Government and Institutions

Is the EU constitutionally flawed?

It is well-known that Churchill supported the concept of a union of nations on continental Europe. Less well-known is the fact that F. A. Hayek – the inspiration for many free market economists – was in favour of this kind of supranational governmental arrangement at the European level too. This might come as a surprise to those who view a support for free-markets and support Brexit as going hand-in-hand.

Unfortunately, the EU that we have today has not developed as liberal thinkers would have hoped. As with all governmental systems – including the US – there is a tendency towards centralisation. It is difficult to avoid that drift to centralisation when the supranational power has responsibility for regulating trade and commerce between states.

Once such power is ceded, as it was through the Single Market Act, almost any legislation can be justified at the central level on the grounds that it has some impact on trade and commerce. The regulation of banking, insurance, labour markets and so on are all becoming centralised at the EU level with seriously problematic consequences.

Whether this was the intention of the founding fathers is difficult to know, but it certainly was not the intention of those economic liberals who supported some form of European government.

This growth of regulation at the EU level undermines the freedom of movement of services and capital by making business more difficult; it loads costs onto consumers; and it creates a layer of regulation administered by people who are totally unaccountable to the people.

How can these problems be overcome?

Firstly, the unanimity principle is important in any federal arrangement. If a trans-national entity becomes too big to require unanimous agreement to exercise power at the centre, a very large majority should be required. But, in the EU, the principle of “Qualified Majority Voting” has been diluted over time so that smaller and smaller majorities are needed for the EU to exercise power over the heads of member states.

Secondly, the principle of subsidiarity from Catholic social teaching needs to be heeded. This is written into the EU constitution but in such a way that it is meaningless – and certainly rarely takes precedence in the European Court of Justice. The principle of subsidiarity was defined in Quadragesimo Anno as follows:

“Just as it is gravely wrong to take from individuals what they can accomplish by their own initiative and industry and give it to the community, so also it is an injustice and at the same time a grave evil and disturbance of right order to assign to a greater and higher association what lesser and subordinate organizations can do. For every social activity ought of its very nature to furnish help to the members of the body social, and never destroy and absorb them.”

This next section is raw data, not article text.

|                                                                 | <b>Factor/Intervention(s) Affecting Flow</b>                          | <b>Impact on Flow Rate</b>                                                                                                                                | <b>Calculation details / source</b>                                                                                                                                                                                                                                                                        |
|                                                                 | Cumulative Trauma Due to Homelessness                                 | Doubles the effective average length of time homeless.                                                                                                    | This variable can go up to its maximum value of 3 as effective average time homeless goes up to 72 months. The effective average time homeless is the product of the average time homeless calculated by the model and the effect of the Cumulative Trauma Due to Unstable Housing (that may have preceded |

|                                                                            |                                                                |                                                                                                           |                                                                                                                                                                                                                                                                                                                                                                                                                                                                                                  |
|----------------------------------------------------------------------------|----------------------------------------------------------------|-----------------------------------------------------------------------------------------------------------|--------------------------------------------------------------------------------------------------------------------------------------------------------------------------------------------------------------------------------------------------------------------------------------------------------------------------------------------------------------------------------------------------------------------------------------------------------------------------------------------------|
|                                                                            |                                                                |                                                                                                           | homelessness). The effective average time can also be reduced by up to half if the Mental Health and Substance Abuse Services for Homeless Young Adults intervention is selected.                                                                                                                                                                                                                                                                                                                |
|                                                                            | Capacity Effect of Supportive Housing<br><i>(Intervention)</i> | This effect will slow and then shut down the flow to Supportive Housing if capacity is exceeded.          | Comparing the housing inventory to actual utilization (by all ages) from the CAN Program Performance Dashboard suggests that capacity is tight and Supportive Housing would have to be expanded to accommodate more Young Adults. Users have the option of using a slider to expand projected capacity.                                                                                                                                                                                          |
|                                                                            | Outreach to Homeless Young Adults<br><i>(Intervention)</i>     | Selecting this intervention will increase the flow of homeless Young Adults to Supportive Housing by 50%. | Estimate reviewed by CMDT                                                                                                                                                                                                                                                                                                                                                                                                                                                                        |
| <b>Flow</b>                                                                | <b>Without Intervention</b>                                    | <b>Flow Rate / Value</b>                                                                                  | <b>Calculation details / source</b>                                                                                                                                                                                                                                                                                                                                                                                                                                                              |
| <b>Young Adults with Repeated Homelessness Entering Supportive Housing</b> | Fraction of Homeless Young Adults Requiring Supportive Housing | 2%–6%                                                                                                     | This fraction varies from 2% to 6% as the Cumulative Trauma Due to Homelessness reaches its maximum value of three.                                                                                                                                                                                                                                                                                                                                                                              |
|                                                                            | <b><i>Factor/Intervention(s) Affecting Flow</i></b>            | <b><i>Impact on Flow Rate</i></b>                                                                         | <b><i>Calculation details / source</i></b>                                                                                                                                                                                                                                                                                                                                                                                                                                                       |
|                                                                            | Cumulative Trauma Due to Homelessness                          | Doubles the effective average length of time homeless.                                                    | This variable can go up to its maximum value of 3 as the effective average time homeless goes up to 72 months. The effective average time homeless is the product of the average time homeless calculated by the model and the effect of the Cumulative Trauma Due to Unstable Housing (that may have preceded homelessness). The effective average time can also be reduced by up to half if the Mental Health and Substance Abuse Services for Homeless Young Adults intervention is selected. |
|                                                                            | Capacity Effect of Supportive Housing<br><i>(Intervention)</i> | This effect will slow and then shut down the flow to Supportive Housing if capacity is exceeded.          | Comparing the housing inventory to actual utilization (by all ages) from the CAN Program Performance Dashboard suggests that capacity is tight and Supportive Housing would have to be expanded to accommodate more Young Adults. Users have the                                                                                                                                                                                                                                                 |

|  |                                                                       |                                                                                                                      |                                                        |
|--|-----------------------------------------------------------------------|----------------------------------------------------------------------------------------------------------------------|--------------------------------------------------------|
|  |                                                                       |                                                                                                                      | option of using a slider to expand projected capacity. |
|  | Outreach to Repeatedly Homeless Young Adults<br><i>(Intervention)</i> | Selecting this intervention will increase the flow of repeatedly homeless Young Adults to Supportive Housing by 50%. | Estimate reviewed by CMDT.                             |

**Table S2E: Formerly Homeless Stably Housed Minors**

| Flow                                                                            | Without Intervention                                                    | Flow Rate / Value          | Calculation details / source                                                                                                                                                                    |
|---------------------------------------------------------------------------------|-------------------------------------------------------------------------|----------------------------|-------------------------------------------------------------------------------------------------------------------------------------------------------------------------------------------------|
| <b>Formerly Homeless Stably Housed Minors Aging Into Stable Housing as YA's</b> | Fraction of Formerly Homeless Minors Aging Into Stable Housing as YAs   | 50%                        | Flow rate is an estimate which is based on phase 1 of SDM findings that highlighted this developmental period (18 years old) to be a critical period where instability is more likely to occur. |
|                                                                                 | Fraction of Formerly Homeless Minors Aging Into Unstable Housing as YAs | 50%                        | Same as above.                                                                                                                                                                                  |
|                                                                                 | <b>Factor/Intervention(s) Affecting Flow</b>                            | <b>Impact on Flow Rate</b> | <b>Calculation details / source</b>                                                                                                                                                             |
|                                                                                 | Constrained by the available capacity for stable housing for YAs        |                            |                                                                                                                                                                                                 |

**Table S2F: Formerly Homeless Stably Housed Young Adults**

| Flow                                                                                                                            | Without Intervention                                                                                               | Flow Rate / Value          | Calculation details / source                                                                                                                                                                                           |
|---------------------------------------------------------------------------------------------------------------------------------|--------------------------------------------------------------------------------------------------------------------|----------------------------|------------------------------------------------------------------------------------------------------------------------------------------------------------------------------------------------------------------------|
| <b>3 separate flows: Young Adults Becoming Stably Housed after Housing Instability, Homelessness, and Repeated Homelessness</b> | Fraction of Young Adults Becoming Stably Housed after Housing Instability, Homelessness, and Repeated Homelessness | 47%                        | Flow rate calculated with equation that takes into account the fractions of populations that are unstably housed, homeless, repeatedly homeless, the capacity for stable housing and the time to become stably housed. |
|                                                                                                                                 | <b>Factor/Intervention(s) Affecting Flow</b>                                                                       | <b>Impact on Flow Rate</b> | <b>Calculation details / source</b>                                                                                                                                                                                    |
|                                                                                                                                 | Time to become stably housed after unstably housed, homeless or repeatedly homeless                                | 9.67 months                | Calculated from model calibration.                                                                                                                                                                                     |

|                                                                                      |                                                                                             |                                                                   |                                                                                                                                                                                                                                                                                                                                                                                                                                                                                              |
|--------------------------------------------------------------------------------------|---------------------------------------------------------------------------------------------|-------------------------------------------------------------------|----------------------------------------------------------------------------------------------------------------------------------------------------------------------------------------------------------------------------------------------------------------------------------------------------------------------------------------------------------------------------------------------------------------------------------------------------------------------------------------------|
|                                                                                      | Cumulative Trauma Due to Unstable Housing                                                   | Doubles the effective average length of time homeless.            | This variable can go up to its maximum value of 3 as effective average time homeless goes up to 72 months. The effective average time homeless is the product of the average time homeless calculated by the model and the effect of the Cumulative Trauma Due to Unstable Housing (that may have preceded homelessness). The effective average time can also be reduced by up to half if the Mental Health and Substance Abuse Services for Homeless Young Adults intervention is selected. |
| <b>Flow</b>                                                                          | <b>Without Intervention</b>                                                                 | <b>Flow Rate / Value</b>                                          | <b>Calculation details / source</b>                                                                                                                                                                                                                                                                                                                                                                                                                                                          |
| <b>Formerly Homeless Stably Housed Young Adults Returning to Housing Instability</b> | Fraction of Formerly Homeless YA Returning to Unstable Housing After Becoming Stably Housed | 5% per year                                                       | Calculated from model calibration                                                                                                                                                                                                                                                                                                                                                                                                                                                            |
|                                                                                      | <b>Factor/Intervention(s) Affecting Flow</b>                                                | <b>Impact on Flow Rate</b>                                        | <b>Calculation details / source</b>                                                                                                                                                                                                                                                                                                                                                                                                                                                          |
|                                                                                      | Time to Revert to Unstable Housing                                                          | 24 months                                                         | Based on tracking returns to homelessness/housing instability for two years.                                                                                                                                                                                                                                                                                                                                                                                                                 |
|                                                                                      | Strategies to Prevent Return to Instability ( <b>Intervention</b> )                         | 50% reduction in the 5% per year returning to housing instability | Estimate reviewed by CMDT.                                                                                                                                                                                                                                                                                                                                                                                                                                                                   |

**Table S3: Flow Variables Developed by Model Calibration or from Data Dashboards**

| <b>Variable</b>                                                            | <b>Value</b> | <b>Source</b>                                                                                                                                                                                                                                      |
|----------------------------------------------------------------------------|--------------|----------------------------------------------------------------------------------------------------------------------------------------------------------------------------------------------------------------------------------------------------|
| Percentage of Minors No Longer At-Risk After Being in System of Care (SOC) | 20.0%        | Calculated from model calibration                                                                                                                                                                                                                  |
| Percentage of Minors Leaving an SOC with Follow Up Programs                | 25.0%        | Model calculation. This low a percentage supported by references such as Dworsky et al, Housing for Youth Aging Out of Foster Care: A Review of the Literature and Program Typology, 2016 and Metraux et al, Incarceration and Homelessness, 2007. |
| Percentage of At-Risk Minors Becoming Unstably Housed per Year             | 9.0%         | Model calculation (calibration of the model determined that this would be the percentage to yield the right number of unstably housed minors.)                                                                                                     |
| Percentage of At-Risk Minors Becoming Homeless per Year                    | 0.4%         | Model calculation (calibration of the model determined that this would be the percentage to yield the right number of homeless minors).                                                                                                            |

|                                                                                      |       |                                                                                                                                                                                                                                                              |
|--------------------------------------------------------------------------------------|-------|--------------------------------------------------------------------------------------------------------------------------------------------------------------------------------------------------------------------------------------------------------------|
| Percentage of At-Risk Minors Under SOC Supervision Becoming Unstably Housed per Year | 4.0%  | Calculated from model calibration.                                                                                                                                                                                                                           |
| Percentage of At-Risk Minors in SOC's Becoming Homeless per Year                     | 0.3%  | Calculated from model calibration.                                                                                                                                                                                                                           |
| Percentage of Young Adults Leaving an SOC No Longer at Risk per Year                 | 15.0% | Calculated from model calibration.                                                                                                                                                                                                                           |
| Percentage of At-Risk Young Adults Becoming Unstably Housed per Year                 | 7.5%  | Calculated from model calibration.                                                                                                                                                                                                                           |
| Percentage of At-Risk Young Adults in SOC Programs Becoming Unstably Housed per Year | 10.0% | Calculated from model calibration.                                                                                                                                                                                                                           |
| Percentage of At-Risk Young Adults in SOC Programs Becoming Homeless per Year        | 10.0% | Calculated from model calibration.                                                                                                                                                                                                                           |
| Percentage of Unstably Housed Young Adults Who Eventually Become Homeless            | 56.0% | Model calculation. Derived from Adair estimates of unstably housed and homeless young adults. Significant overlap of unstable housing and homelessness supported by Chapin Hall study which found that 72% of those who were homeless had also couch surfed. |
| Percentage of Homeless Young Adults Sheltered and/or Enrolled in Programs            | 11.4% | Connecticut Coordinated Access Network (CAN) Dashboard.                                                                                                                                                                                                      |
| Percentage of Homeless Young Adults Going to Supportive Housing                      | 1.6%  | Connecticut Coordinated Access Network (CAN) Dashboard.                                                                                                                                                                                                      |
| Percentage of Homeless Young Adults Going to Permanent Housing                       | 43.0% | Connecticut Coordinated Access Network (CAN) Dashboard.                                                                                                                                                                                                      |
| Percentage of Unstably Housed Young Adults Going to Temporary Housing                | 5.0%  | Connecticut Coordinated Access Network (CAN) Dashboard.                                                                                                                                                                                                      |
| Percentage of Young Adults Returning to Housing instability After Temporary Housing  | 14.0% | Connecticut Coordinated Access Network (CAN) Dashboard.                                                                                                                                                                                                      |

The EU should not just be centralising powers because it believes it can do things better than member states (after all, the central authority will always believe it can do things better). Powers should only be centralised if member states cannot exercise the relevant function.

The EU should restrain its horizons. It should restrain member states from preventing the free movement of capital, labour, services and goods and not be active in a positive way. The EU should not be active in regulating economic activity. It should only do those things that member states cannot do and which member states cede to the EU by unanimity or a huge majority.

This requires a re-writing of the EU constitution – a re-writing that is probably unachievable.

It is said that Catholic social teaching inspired the founding of the EU’s predecessors. Maybe so, but getting constitutions wrong has serious consequences. In this case, the EU has ignored a key plank of Catholic social teaching and the consequences have certainly been serious.

Prof Philip Booth is the IEA’s Editorial and Programme Director and Professor of Finance, Public Policy and Ethics at St. Mary’s University, Twickenham.

This article was first published by Reimagining Europe.

Academic and Research Director, IEA

Philip Booth is Senior Academic Fellow at the Institute of Economic Affairs. He is also Director of the Vinson Centre and Professor of Economics at the University of Buckingham and Professor of Finance, Public Policy and Ethics at St. Mary’s University, Twickenham. He also holds the position of (interim) Director of Catholic Mission at St. Mary’s having previously been Director of Research and Public Engagement and Dean of the Faculty of Education, Humanities and Social Sciences. From 2002-2016, Philip was Academic and Research Director (previously, Editorial and Programme Director) at the IEA. From 2002-2015 he was Professor of Insurance and Risk Management at Cass Business School. He is a Senior Research Fellow in the Centre for Federal Studies at the University of Kent and Adjunct Professor in the School of Law, University of Notre Dame, Australia. Previously, Philip Booth worked for the Bank of England as an adviser on financial stability issues and he was also Associate Dean of Cass Business School and held various other academic positions at City University. He has written widely, including a number of books, on investment, finance, social insurance and pensions as well as on the relationship between Catholic social teaching and economics. He is Deputy Editor of Economic Affairs. Philip is a Fellow of the Royal Statistical Society, a Fellow of the Institute of Actuaries and an honorary member of the Society of Actuaries of Poland. He has previously worked in the investment department of Axa Equity and Law and was been involved in a number of projects to help develop actuarial professions and actuarial, finance and investment professional teaching programmes in Central and Eastern Europe. Philip has a BA in Economics from the University of Durham and a PhD from City University.